The Vellore Sepoy Revolt of 1806

S. Balakrishnan

Indian history and present day politics is Delhicentric/north India centric. A classic example is the 1857 sepoy revolution which is touted as the first war of Indian independence. Because, some fifty years before in 1806 itselftook place the Sepoy Revolt in Vellore, Tamil Nadu, the first organised violent uprising against the British East India Company.

In the words of Lt. Col. E.G. Phythian-Adams who authored “Madras Infantry 1748-1943” (published in 1943) – The serious outbreak of mutiny by the 2/23rd and part of the 1stM.N.I. (Madras Native Infantry) at Vellore, where the family members of Tipu Sultan had been interned, was caused by the very injudicious introduction of a new pattern of turban and by certain regulations whichthe sepoys considered as infringement on their caste. To what extent the rising was instigated by the Mysore Princes (Tipu’s sons) will perhaps never be known, but they were certainly privy to it and determined to profit by any success which it might achieve. (Tipu Sultan of Mysore had been defeated and killed in 1799.) Warnings that all were not well were unheeded, and at 2.30 a.m. on the morning of 10th July 1806, the sepoys made an almost simultaneous attack on British guards, British barracks and officers’ quarters inside the Vellore fort. Most of the officers and British soldiers were killed before they could recover from the surprise. But a small British party (of about 60 men) managed to fight its way on to the ramparts and pull down the Mysore flag hoisted by the mutineers; the party established itself above the main gateway.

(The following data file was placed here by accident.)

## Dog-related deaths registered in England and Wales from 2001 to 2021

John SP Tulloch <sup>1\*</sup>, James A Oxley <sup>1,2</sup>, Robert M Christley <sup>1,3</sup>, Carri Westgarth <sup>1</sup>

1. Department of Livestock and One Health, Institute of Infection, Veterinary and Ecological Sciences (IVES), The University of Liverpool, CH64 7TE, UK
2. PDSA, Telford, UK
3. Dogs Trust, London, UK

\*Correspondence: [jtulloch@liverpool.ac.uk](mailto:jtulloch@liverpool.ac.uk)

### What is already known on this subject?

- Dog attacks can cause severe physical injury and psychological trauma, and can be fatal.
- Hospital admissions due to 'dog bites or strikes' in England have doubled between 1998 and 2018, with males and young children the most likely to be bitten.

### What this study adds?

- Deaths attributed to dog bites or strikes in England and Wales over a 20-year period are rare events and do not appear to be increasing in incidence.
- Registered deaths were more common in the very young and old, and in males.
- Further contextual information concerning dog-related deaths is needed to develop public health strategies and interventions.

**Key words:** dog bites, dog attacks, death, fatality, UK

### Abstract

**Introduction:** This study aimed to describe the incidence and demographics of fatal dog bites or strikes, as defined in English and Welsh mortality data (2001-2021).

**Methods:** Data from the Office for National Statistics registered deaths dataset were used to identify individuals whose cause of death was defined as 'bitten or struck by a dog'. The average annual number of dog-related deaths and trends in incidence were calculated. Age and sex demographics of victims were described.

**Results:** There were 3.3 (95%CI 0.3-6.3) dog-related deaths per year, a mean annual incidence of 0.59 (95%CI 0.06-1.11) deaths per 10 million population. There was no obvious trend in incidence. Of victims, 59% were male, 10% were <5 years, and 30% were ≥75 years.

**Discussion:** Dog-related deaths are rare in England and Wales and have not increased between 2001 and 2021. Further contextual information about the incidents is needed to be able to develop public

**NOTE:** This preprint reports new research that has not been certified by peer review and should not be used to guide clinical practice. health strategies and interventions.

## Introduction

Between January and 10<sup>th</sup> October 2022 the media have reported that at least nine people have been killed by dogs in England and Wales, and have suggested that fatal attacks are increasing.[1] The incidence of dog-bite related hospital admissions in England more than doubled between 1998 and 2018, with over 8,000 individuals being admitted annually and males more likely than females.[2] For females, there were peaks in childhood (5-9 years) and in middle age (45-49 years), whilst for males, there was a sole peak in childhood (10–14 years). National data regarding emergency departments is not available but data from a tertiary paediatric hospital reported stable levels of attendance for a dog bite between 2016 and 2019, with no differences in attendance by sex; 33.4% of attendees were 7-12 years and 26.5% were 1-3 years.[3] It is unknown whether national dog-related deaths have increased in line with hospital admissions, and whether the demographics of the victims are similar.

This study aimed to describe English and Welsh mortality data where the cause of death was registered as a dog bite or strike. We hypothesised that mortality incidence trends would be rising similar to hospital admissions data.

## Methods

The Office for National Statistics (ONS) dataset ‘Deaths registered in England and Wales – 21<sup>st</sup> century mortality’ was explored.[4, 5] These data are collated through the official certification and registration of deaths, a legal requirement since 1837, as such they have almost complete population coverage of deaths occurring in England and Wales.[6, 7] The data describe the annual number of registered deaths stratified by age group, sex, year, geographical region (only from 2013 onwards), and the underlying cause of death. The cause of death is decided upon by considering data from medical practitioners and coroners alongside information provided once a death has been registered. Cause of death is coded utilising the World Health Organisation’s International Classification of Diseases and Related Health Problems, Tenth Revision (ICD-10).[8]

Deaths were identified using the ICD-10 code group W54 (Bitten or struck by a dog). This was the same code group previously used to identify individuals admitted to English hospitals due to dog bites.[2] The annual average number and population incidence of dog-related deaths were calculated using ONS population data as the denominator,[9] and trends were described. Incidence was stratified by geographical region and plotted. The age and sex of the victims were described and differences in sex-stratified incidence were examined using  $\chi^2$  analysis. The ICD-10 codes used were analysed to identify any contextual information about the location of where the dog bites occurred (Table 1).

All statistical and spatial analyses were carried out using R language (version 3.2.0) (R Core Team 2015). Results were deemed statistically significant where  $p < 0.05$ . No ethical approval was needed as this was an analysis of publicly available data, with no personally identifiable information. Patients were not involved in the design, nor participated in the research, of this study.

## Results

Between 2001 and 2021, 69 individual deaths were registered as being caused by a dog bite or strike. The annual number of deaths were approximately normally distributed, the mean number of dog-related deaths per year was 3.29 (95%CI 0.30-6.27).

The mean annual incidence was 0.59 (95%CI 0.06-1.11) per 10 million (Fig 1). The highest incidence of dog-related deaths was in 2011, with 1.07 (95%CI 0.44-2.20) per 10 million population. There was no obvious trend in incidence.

Meanwhile, Col. Gillespie, who was stationed at Arcot (some 18 miles away), learning of the outbreak, set out immediately with a squadron of the 19th Dragoons and the 7th Madras Cavalry. On his arrival, Col. Gillespie was drawn up by a rope into the rampart where his presence encouraged the men above the gateway who, being without ammunition, had to trust their bayonets alone. Not long after the galloperguns arrived and the gate was blown open, the Dragoons, handsomely supported by the Madras Cavalry, charged into the fort and inflicted dire retribution on the mutineers, of whom upwards of 350 were killed on the spot,while a number were taken in different parts of the countryside within the next few days. Five of the Mysore Princes’ retainers were sentenced to either death or long terms of imprisonment while the Princes themselves were sent to Calcutta, their complicity not having been established to such a degree as to warrant more extreme measures. The obnoxious orders regarding dress were rescinded and theGovernor ofMadras, William Bentinck, and the Commander-in-Chief of Madras Army, John Craddock,with his Adjutant-General were removed from their respective offices by orders of the Court of Directors. The 1st and 23rd Regiments were struck off the strength of the army and their place was supplied by two new regiments numbered the 24th and 25th.”